The WP continued: "What Kosovo really needs, at a minimum, is a return of the autonomy it enjoyed until 1989, when Mr. Milosevic imposed a Serbian domination to help cement his nationalist ties to power. This agreement carries no such guarantees....But it remains as true today as yesterday that such things are not likely to happen if the West does not force them to happen."

WASHINGTON POST: The deal on Kosovo is just too pat

Jim Hoagland, the Washington Post's foreign-affairs columnist, says that "after this deal, Milosevic remains the villain." Hoagland writes: "Something about the way Richard Holbrooke pulled his latest diplomatic rabbit out of a Balkan top hat cries out for skepticism. The deal on Kosovo is just too pat."

Hoagland continues: "The deal may do no more than buy time for Kosovo: time for both sides to close down military action for the bitter winter that approaches, time to get those refugees into their homes or better shelter and off the television screens, time for the West to develop a political program to destabilize Mr. Milosevic and guarantee Kosovar autonomy."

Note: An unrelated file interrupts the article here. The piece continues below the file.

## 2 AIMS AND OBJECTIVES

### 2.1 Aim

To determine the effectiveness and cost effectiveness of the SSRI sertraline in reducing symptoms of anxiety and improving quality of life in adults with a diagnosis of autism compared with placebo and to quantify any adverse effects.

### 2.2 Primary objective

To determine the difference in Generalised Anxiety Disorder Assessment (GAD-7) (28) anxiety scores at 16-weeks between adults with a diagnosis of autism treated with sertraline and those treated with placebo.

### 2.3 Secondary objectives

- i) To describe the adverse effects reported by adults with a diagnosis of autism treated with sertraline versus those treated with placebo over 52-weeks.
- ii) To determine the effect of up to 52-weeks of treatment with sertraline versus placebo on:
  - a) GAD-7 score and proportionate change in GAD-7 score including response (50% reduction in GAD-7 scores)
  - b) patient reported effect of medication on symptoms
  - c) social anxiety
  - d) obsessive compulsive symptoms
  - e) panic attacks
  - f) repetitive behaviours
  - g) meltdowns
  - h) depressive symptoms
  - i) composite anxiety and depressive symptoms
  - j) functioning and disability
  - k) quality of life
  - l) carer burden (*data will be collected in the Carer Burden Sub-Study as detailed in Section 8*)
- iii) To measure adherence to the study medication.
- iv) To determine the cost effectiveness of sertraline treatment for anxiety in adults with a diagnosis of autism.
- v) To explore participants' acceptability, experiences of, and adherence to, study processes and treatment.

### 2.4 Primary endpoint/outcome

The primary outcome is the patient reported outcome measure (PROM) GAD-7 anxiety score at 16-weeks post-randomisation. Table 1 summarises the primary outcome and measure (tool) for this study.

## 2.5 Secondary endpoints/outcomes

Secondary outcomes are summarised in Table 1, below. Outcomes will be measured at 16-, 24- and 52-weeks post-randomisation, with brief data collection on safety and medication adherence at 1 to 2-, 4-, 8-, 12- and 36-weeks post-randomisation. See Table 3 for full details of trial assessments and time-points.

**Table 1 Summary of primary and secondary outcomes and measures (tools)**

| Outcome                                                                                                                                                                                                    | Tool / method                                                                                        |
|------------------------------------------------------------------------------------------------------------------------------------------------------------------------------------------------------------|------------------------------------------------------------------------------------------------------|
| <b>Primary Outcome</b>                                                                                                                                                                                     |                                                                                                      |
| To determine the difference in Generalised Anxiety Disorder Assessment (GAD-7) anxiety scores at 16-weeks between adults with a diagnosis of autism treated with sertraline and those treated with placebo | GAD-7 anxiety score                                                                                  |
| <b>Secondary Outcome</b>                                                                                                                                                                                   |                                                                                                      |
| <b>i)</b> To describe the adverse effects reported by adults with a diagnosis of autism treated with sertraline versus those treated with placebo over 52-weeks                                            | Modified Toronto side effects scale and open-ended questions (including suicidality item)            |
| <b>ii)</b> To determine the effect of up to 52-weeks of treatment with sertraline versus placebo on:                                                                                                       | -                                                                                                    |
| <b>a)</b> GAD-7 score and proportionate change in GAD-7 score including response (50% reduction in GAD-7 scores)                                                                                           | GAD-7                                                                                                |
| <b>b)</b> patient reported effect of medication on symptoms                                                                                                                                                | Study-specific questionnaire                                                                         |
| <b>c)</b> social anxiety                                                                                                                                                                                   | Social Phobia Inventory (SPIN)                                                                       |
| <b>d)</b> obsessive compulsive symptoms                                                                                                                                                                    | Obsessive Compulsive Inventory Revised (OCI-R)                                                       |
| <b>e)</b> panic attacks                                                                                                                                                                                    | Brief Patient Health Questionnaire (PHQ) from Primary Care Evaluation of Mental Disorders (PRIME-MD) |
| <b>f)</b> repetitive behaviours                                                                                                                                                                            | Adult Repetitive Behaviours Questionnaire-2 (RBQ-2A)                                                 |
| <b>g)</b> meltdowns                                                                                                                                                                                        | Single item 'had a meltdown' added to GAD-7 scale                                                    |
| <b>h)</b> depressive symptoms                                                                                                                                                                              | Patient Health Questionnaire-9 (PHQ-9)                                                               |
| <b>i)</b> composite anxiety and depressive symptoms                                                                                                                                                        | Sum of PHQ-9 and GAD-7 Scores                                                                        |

He concludes: "That is the direction in which this strange, unconvincing but far from pointless deal at the brink should now be steered."

USA TODAY: U.S. is an essential counterweight to historic rivalries

The daily USA Today says that the accord on Kosovo "demands continuing U.S. commitment." The paper wrote yesterday in an editorial: "Milosevic has an ear for only one language --force. With 400 NATO planes preparing to bombard Yugoslav forces, Milosevic finally grasped the wisdom of compromise in Kosovo."